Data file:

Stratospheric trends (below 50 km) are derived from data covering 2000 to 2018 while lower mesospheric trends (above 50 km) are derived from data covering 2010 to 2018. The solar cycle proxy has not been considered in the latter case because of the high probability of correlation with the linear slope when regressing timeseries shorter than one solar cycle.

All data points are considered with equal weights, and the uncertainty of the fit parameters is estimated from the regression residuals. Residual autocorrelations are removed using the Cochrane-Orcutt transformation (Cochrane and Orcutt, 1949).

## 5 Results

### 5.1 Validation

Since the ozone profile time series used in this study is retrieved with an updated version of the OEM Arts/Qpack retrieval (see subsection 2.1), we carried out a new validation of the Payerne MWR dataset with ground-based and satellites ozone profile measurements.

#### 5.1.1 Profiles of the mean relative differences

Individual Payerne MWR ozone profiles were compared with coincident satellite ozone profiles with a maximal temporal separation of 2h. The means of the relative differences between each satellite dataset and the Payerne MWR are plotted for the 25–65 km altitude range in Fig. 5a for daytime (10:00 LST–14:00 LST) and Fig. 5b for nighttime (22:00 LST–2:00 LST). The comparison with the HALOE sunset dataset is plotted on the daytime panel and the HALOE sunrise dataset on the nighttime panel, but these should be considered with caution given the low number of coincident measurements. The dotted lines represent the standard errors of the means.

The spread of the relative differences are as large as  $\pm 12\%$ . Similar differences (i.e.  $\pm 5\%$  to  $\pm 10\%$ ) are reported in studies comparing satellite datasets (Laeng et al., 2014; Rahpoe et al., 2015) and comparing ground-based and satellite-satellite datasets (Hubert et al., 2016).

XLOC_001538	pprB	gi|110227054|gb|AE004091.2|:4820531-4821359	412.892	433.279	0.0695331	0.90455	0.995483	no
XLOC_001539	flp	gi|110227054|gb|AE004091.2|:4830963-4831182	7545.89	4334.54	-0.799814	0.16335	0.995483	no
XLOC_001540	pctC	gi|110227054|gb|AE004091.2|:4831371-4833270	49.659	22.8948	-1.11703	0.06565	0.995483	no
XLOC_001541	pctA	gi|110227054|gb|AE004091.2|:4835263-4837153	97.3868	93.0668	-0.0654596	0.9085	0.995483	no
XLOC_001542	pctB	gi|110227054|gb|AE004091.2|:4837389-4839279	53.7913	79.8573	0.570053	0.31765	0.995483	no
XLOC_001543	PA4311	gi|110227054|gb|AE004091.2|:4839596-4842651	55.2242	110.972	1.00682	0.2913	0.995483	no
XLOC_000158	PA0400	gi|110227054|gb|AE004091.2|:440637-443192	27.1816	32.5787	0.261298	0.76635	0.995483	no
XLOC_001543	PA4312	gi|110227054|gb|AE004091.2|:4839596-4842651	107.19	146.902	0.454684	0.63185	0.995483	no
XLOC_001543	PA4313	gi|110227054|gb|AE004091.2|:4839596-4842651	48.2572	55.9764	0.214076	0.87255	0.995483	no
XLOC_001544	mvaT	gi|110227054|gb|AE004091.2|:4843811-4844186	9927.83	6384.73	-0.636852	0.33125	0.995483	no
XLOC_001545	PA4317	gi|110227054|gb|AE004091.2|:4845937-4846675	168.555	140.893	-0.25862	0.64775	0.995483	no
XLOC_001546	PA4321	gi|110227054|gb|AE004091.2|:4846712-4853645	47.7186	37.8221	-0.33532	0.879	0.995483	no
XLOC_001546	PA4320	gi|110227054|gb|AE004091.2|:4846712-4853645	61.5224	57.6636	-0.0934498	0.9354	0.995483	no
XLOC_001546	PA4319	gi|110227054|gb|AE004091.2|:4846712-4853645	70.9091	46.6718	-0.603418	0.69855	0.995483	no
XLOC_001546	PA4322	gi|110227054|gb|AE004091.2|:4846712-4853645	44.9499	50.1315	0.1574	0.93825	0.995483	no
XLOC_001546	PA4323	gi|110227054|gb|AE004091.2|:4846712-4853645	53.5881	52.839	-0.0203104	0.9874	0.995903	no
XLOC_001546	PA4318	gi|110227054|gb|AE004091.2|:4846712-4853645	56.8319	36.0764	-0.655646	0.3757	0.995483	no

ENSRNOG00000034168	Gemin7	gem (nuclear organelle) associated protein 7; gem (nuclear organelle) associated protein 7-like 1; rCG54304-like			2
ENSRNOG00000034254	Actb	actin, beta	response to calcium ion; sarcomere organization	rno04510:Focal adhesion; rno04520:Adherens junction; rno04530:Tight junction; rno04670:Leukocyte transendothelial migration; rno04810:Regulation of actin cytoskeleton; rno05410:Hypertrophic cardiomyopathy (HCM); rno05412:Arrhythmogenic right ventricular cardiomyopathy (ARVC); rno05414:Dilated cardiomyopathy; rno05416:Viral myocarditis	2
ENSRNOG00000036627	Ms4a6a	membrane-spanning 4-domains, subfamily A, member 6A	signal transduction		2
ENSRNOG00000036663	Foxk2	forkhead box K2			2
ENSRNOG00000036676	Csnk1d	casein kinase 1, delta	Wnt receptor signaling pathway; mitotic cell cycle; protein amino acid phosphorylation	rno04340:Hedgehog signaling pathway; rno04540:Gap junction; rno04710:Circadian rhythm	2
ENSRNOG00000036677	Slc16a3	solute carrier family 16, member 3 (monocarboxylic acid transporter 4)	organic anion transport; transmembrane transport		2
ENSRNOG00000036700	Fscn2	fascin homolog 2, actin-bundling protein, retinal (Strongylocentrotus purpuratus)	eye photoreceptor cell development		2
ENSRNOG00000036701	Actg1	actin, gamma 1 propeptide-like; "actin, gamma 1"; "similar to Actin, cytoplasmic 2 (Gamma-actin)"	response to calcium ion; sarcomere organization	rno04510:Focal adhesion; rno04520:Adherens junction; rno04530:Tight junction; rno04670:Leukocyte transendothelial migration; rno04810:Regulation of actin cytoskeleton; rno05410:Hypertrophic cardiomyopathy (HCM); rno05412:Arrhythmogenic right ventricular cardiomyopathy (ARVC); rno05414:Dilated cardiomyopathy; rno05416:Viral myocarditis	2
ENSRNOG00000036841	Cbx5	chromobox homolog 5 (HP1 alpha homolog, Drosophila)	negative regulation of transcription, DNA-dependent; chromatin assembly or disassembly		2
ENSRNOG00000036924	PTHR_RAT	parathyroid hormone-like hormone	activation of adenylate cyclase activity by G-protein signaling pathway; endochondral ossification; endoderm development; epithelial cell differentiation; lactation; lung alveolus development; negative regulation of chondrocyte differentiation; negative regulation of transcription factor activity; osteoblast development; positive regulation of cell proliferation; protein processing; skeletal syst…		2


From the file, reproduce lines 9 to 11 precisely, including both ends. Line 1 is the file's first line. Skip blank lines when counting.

XLOC_001538	pprB	gi|110227054|gb|AE004091.2|:4820531-4821359	412.892	433.279	0.0695331	0.90455	0.995483	no
XLOC_001539	flp	gi|110227054|gb|AE004091.2|:4830963-4831182	7545.89	4334.54	-0.799814	0.16335	0.995483	no
XLOC_001540	pctC	gi|110227054|gb|AE004091.2|:4831371-4833270	49.659	22.8948	-1.11703	0.06565	0.995483	no